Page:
10 Burning Questions of Spirited Away: What is No Face? Who is Haku?


Studio Ghibli's "Spirited Away"("Sen to Chihiro no Kamikakushi") is a coming of age tale, with a twist. The film's heroine, Chihiro, leaves the mundane everyday world to enter the world of the spirits, where she encounters spirits of Japanese legend like Haku, Rin, Kamaji, No Face, and of course, the fearsome witch Yubaba who rules over the bathhouse.

In this article we will examine the characters and themes of the film in depth, and dive deep into the Japanese legends that inspired Hayao Miyazaki to create this award-winning masterpiece. In addition, we will introduce the Onsen Ryokan, or hot spring hotels, that inspired the design of Yubaba's bathhouse, Aburaya. Finally, it wouldn't be "Spirited Away" without an elaborate Japanese feast, so please enjoy our recommendations of some of the best local Japanese food!

The Most Successful Japanese Film Before "Demon Slayer"

"Spirited Away" was released in theaters on July 20, 2001 in Japan and December 20, 2002 in America. The movie made $383.4 million at the worldwide box office and remained the most successful Japanese film for 19 years until it lost the crown to "Demon Slayer: Kimetsu no Yaiba the Movie: Mugen Train" in 2020.

Walt Disney Pictures recognized the potential in "Spirited Away" and purchased the North American distribution rights, which helped the film's international success. "Spirited Away" won many awards including the Academy Award for Best Animated Feature (it was the first non-English, hand-drawn, animated film to do so). The movie was also a co-recipient of the Golden Bear at the 2002 Berlin International Film Festival.

Chihiro is an Unusual Heroine

"Spirited Away’s" heroine is a unique one. In terms of appearance, especially compared with the usual big-eyed anime heroines, Chihiro is quite plain. Her exterior appearance may be quite ordinary, but her internal self is rather remarkable. Faced with adversity, she reveals herself to be clever, hard-working, and extremely perceptive about other characters in the movie.

Though Chihiro starts the movie as a petulant child she matures and gains confidence throughout the story. Ultimately, "Spirited Away" is Chihiro's journey, which Miyazaki hoped would resonate with young girls everywhere.

Miyazaki’s Appeal to the World

"Spirited Away" has had a long-lasting impact on the world due to its excellent animation, naturally, but also due to the movie’s themes: environmentalism, identity, and greed - which manage to be both modern and timeless.


Environmentalism is a common theme in Ghibli Movies, and it is expressed in "Spirited Away" in the backgrounds of the two river spirits. The elder river spirit is misidentified as a stink spirit, because it is so filthy and full of garbage. While Haku is unable to find his way home because his river of origin was filled in with concrete.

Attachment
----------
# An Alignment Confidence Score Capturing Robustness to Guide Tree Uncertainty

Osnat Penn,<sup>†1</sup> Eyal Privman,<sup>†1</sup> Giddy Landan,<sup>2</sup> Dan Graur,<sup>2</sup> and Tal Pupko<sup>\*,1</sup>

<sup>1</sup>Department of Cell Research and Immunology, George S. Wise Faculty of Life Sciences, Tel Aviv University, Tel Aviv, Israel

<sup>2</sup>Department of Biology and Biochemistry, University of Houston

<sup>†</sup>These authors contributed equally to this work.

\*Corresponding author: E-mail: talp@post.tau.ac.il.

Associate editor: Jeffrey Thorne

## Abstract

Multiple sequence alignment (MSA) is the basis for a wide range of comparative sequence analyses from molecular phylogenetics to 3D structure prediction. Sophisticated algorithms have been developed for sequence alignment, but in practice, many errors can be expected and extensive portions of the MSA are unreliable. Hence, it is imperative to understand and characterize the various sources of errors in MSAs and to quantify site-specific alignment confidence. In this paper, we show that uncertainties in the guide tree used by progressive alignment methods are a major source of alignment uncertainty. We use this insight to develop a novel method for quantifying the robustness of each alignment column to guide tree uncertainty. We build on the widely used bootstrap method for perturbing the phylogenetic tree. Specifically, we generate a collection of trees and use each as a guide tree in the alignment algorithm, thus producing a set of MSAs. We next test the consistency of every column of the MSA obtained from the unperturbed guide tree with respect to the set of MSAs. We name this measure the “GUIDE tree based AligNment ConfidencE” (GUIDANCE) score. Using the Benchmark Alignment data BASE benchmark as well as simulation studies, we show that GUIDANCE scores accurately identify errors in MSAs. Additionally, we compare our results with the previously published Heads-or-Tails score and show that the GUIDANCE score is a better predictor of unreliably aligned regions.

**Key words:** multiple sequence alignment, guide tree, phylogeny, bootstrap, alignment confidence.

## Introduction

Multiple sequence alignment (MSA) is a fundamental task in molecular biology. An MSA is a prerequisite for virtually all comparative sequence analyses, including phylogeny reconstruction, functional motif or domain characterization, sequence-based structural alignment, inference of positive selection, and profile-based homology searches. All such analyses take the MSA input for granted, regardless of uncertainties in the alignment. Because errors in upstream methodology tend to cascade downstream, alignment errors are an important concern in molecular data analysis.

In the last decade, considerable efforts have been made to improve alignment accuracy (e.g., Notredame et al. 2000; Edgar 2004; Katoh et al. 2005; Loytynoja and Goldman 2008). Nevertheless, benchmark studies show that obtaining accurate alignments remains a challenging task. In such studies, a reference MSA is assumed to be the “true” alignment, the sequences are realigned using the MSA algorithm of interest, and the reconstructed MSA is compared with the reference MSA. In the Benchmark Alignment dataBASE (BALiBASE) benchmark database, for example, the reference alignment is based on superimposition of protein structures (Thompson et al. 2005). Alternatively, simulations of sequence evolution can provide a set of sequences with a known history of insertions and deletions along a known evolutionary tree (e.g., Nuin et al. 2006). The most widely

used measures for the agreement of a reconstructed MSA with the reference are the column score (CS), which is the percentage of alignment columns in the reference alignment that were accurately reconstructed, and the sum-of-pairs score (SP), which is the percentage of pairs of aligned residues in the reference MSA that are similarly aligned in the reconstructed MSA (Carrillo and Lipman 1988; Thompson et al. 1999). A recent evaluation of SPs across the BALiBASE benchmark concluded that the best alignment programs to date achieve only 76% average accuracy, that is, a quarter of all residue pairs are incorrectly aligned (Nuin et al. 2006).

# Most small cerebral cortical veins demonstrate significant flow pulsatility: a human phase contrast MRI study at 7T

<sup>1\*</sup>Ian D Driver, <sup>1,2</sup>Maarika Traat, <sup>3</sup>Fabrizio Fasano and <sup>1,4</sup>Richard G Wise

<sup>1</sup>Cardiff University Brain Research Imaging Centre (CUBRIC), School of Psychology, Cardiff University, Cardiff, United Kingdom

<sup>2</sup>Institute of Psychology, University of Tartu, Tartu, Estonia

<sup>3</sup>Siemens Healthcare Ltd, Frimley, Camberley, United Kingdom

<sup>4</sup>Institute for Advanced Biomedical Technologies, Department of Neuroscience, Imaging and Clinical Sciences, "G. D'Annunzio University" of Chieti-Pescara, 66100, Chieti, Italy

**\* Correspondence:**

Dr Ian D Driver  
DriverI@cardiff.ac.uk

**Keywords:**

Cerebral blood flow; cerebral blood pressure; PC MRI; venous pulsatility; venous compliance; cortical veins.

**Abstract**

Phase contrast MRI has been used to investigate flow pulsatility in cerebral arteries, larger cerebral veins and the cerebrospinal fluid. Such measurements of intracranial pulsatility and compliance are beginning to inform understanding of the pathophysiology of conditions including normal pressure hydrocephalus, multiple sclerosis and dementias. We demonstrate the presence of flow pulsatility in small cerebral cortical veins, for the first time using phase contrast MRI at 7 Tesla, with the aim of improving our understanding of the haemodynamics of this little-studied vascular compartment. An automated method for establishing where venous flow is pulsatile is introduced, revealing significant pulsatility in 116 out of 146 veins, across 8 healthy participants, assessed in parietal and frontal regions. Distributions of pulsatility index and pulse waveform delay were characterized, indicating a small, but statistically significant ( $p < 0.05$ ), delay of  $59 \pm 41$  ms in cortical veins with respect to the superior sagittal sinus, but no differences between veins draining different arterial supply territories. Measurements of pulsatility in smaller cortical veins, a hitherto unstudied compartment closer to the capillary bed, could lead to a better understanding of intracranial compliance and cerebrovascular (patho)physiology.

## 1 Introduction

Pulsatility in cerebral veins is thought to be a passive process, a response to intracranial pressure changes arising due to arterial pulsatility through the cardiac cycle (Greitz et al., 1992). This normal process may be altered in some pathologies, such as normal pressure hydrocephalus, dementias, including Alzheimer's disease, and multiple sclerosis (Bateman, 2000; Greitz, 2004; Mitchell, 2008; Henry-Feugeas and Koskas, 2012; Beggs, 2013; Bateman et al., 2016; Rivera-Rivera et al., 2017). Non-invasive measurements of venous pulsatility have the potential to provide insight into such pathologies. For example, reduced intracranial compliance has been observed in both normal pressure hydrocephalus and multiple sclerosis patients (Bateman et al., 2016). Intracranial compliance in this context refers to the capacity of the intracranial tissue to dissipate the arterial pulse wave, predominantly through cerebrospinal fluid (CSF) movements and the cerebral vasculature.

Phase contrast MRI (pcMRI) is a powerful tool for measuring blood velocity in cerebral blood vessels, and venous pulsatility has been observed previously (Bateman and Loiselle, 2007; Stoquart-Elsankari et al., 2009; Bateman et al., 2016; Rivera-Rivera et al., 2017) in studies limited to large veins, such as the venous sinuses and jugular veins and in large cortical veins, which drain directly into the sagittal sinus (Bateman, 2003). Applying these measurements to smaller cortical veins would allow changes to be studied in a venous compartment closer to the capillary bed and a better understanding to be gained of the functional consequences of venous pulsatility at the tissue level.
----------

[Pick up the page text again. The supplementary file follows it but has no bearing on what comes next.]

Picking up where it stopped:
Japan’s Shinto belief has core values of spirits existing in all things, so it’s clear that Miyazaki wants to draw attention to the excessive destruction and pollution of natural areas. The consequences of urban sprawl and modernization affect not only the futures of human beings, but also the spirits that reside there.

Regaining Lost Identity

Identity is also a major theme of Spirited Away. The workers at the bathhouse have all lost their real names to Yubaba, and so they are trapped there. Chihiro and Haku are able to help each other remember their identities and thus able to free themselves.

No Face has no identity, and so he devours the identities of others. He is only able to find his place in the world through the assistance of Chihiro. Chihiro’s parents have also lost the right to live as human beings and are only restored to their true forms thanks to their daughter’s hard work. Ultimately, the common factor for those who regain their identities is Chihiro!

The Destructive Power of Greed

In Spirited Away, greed is something that consumes and destroys. The movie’s antagonist, Yubaba shows a lack of awareness when faced with profit. She doesn’t mind that the monster, No Face, is terrorizing her staff as long as it is a rich customer.

Her apartment is extremely opulent, and jewels are everywhere, a stark contrast would be the humble country home of her sister, Zeniba. Haku is almost killed as a result of Yubaba’s greed, a fact which does not seem to trouble her.

No Face is corrupted by the greed of the bathhouse and its inhabitants, becoming a monster who wants to devour everything, while never being satisfied. Chihiro’s parents also serve as an example of what happens to greedy people, by literally becoming pigs.

The Cast and Crew Who Brought Spirited Away to Life

It takes a certain combination of genius and imagination to create a film like Spirited Away. Hayao Miyazaki acted as writer and director, while his longtime partner, Toshio Suzuki was the producer. This team worked together from the concept, looking at art and discussing story ideas.